My interpretation of your article: At the start of 20th century Europe ran the world – through British and German empires. Within 40 year this was torn apart by two world wars. Now the issue is Deng Xiaoping’s restoration of China’s economic power. Can the world adjust to centre of global economic power in Asia? Hugh White, in The China Choice, points out that the US never faced a country as rich and powerful as China (eg USSR never matched US) – and wealth gave power. China’s military has long been preparing for war with US, and US’s military is now making similar preparations. Conflict could arise at short notice. China won’t do what Japan did – become a strategic client of US. US must recognise that the shift in the economic situation leads to a strategic shift also. Asia’s stability can’t be ensured by a non-Asian power – a point made by a former US national security advisor (Zbigniew Brzezinski). The failure of US wars should convince US that wars on Asian mainland are unwinnable. Stability in Asia requires constructive regional relationships, not divisive external linkages. US should not be drawn into Asian wars unless these involve countries with which the US has treaties. The US needs to decide what characteristics of China pose a threat, and which can be accommodated. China needs to be encouraged to participate in the region, without dominating it. If either the US or China says that Australia has to choose between them, then Australia does have to choose. Australia doesn’t want to make such a choice, and in a cooperative structure would not need to do so. Thus Australia needs to convince the US that it needs to adapt to China’s rise. For more than a generation Australia has not engaged in serious debate with US – but has simply cooperated with US foreign policy. China’s rapid rise demands more than that. Asia will be safer place with ongoing US engagement – but as Australia’s trade is increasingly with north Asia (especially China) a cooperative US / China structure is in Australia’s interests. This requires recognising China’s legitimacy, its great power prerogatives and the legitimacy of its system of government. This is not possible if only democracies are considered legitimate. While peace prevails amongst democratic states, Kenneth Waltz argues that structure of international policy is not transformed by internal changes in states. China has been criticised on the basis of human rights and values, though the human condition has improved across China. US president Obama argues that prosperity without freedom is just another form of poverty, though China has achieved the largest and fastest increase in human material welfare in history. This is discounted by those who simply pursue human rights issues. Peace is a value also – so reducing the risk of war is desirable. The China Choice is an exceptional synthesis of the arguments and influences that bear upon the future of the Pacific.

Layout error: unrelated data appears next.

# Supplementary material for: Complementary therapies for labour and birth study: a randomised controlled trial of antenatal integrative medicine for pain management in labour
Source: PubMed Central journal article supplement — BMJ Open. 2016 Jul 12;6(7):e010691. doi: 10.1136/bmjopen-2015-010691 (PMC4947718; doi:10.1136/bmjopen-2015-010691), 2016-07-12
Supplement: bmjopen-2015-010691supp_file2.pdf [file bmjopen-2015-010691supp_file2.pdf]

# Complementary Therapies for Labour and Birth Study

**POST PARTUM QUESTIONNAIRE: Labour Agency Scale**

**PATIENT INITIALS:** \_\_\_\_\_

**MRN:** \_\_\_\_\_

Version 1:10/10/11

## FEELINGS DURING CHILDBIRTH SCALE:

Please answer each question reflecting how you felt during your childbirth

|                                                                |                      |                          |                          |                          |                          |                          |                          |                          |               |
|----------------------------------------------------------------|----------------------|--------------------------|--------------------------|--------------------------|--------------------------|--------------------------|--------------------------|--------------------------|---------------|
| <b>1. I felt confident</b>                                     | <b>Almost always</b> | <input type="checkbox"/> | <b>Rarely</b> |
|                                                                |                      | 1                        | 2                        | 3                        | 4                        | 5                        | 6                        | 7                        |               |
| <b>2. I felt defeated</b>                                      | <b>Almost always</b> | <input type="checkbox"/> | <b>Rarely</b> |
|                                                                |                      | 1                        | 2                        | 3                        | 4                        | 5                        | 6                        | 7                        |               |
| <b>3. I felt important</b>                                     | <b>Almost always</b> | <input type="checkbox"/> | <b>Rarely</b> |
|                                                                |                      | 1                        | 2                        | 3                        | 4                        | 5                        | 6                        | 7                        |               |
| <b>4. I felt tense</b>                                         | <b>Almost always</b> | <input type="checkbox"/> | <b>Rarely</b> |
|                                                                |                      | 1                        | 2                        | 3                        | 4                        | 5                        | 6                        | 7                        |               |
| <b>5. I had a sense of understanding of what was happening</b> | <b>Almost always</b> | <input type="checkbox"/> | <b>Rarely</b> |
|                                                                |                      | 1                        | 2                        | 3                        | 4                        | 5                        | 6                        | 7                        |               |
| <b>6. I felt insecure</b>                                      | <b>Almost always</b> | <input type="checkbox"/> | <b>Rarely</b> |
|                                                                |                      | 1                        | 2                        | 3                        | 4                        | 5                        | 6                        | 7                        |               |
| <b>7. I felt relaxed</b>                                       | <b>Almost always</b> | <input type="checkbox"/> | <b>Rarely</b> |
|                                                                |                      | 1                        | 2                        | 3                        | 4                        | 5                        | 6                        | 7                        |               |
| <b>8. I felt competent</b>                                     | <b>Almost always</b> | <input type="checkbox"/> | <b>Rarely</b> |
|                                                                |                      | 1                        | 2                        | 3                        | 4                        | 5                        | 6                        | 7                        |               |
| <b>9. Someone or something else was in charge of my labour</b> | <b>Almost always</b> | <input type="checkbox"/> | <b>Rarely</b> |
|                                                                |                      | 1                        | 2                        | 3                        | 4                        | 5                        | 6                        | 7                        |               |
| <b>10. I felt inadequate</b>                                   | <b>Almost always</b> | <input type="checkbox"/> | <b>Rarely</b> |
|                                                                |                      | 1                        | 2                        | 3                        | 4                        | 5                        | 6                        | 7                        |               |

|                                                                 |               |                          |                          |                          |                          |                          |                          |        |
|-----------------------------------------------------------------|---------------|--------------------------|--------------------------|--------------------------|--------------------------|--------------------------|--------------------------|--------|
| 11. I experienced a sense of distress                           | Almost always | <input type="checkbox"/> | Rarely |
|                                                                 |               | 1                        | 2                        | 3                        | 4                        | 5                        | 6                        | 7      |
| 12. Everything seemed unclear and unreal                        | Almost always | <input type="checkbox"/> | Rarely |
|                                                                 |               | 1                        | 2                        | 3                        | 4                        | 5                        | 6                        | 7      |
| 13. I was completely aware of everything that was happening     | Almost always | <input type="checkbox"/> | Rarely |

While the following is anything but the last word on the subject, I suggest that a cooperative structure in the Asia Pacific can’t be achieved simply by (say) convincing the US that China’s system is legitimate because: